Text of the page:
A Melissa matter: Keep your ticker ticking after Christmas
Dec 26, 2010 | 2024 views | 0 0 comments | 12 12 recommendations | email to a friend | print
While everything may be happy and good and the soul may be jolly during the Christmas season one thing that isn’t always so good is the heart. Did you know the day after Christmas is one of the most dangerous days of the year for those vulnerable to all types of cardiac problems, such as heart attacks, heart failure, heart disease and arrhythmia?

Most who end up in the emergency room did not have a clue they were at risk as they celebrated with family and friends the day before. Physicians refer to this time as the “Merry Christmas coronaries.”

“The Doctor Oz Show” featured a story on Christmas heart attacks, citing that heart disease-related deaths increase 5 percent Christmas Day, the days following Christmas and New Year’s Day.

A study conducted by Tufts University and the University of California found heart-related deaths increase by nearly 5 percent during the Christmas season. One theory is, the busyness of the season causes folks to put off seeking treatment for problems. One report indicated those who ended up in the hospital admitted to having some noticeable signs one or two days before Christmas, making Christmas Day itself one of the quietest days the ER ever sees.

Samin Sharma, M.D., director of interventional cardiology at Mount Sinai, says one way to keep the ticker ticking is to avoid excessive alcoholic beverages. Fretting over the credit card bills to come and money woes can cause stress and many times cause some to drink too much. Alcohol can trigger an irregular heartbeat. If it continues it increases the risk of a stroke. Not good!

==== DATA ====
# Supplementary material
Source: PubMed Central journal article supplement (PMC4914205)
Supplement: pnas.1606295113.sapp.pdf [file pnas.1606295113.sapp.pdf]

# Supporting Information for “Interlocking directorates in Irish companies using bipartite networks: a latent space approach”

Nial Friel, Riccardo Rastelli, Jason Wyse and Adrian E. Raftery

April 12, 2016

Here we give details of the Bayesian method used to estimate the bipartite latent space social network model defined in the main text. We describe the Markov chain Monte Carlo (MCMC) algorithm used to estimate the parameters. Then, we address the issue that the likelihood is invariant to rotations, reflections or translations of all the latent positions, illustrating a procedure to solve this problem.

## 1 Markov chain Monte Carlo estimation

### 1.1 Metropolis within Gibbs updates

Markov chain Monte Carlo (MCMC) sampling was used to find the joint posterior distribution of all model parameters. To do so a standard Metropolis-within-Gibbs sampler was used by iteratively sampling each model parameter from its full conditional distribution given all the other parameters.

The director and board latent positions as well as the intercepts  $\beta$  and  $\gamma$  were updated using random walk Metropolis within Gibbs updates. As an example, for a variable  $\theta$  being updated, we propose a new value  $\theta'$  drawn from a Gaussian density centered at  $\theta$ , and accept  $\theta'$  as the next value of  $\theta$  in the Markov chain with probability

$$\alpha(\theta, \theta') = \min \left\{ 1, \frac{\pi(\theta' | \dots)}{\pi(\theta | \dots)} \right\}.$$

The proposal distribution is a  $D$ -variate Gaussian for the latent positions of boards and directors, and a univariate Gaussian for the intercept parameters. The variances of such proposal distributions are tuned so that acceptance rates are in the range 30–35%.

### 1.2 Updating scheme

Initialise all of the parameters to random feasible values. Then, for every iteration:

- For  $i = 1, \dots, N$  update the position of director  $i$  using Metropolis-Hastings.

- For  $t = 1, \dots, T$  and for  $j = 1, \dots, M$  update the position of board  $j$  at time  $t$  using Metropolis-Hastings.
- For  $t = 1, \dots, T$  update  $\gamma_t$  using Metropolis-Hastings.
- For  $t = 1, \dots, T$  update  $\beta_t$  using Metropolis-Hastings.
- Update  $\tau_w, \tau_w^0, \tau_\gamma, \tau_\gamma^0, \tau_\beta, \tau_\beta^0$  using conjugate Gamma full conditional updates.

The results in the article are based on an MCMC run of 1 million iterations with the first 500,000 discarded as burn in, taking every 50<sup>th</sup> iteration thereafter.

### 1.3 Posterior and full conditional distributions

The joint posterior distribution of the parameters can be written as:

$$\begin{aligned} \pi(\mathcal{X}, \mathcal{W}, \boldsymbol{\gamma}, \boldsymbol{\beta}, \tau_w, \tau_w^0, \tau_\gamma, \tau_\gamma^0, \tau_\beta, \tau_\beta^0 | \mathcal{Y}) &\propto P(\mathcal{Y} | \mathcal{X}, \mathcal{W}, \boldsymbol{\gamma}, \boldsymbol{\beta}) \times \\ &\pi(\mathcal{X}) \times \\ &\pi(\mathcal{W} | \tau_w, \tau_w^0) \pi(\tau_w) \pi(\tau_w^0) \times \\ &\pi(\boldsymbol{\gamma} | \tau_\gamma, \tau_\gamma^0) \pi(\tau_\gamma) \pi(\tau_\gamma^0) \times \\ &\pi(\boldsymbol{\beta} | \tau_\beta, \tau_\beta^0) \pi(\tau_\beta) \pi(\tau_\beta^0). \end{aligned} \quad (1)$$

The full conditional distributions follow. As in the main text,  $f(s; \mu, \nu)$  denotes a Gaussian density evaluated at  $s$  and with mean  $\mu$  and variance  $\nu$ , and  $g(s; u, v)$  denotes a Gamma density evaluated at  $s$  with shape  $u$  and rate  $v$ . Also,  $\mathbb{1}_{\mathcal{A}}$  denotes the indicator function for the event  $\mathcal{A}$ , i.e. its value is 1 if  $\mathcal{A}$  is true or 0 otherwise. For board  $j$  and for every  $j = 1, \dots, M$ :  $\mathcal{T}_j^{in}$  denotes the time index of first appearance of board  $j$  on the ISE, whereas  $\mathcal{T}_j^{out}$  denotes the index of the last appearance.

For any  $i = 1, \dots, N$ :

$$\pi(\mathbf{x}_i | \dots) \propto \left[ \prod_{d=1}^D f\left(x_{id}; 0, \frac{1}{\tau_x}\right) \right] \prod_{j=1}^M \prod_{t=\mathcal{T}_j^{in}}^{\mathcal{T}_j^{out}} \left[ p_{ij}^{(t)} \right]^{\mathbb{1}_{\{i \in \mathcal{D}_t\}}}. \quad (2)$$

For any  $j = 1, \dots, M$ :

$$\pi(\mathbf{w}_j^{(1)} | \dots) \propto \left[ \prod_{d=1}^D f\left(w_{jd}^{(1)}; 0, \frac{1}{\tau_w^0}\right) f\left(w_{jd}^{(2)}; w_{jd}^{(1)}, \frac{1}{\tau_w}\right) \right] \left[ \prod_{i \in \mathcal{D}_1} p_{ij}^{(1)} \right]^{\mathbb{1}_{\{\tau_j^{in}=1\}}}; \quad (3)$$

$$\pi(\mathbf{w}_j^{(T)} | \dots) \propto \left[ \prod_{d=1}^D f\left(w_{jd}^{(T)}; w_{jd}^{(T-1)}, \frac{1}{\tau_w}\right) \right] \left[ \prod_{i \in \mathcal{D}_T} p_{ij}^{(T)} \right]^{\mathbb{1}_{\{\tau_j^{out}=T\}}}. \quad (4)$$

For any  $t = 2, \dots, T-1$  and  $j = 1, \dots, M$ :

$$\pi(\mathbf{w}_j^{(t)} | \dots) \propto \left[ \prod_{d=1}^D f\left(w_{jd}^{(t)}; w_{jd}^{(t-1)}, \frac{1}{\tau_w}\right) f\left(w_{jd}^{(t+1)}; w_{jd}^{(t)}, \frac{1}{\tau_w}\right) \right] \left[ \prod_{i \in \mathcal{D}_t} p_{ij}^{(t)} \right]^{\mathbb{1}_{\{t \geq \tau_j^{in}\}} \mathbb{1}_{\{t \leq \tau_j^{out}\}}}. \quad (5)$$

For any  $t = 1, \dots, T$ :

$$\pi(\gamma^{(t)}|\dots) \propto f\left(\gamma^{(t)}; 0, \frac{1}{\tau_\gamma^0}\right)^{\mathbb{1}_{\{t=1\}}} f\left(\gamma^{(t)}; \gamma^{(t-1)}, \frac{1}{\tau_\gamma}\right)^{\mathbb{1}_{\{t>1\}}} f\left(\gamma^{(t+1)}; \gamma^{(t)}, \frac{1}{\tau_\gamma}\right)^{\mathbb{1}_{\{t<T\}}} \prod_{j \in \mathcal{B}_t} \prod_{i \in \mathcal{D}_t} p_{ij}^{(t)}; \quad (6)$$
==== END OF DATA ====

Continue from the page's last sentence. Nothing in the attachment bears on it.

It’s easy to enjoy the rich, delicious holiday food a little too much and put more salt than usual on food, which is why some individuals confuse the signs of a heart attack with heartburn, indigestion or stomach pains from eating too much. They may lie down thinking it will go away. The last thing they want to do is haul themselves to the hospital.

But waiting can be dangerous, according to Dr. Sharma, who says if you’re having a heart attack, you cannot wait longer than 12 hours to be treated.

Listening to the body and paying attention to signs and discomfort can save a life. And if you aren’t one to overindulge you may want to keep an eye on the rest of the family — especially those who have had heart trouble in the past.

Things to look out for are pain, pressure or discomfort in the chest. A feeling of fullness or squeezing. Pain in the arms, the stomach, neck, back and jaw. Shortness of breath, nausea, dizziness, sweating and exhaustion.

Everyone — not just those at risk of heart failure — can sure benefit from keeping an eye on what’s on the plate in front of them. It’s a great start to making some positive changes for the new year and if the ticker is ticking the chances are much higher for keeping the New Year’s resolutions.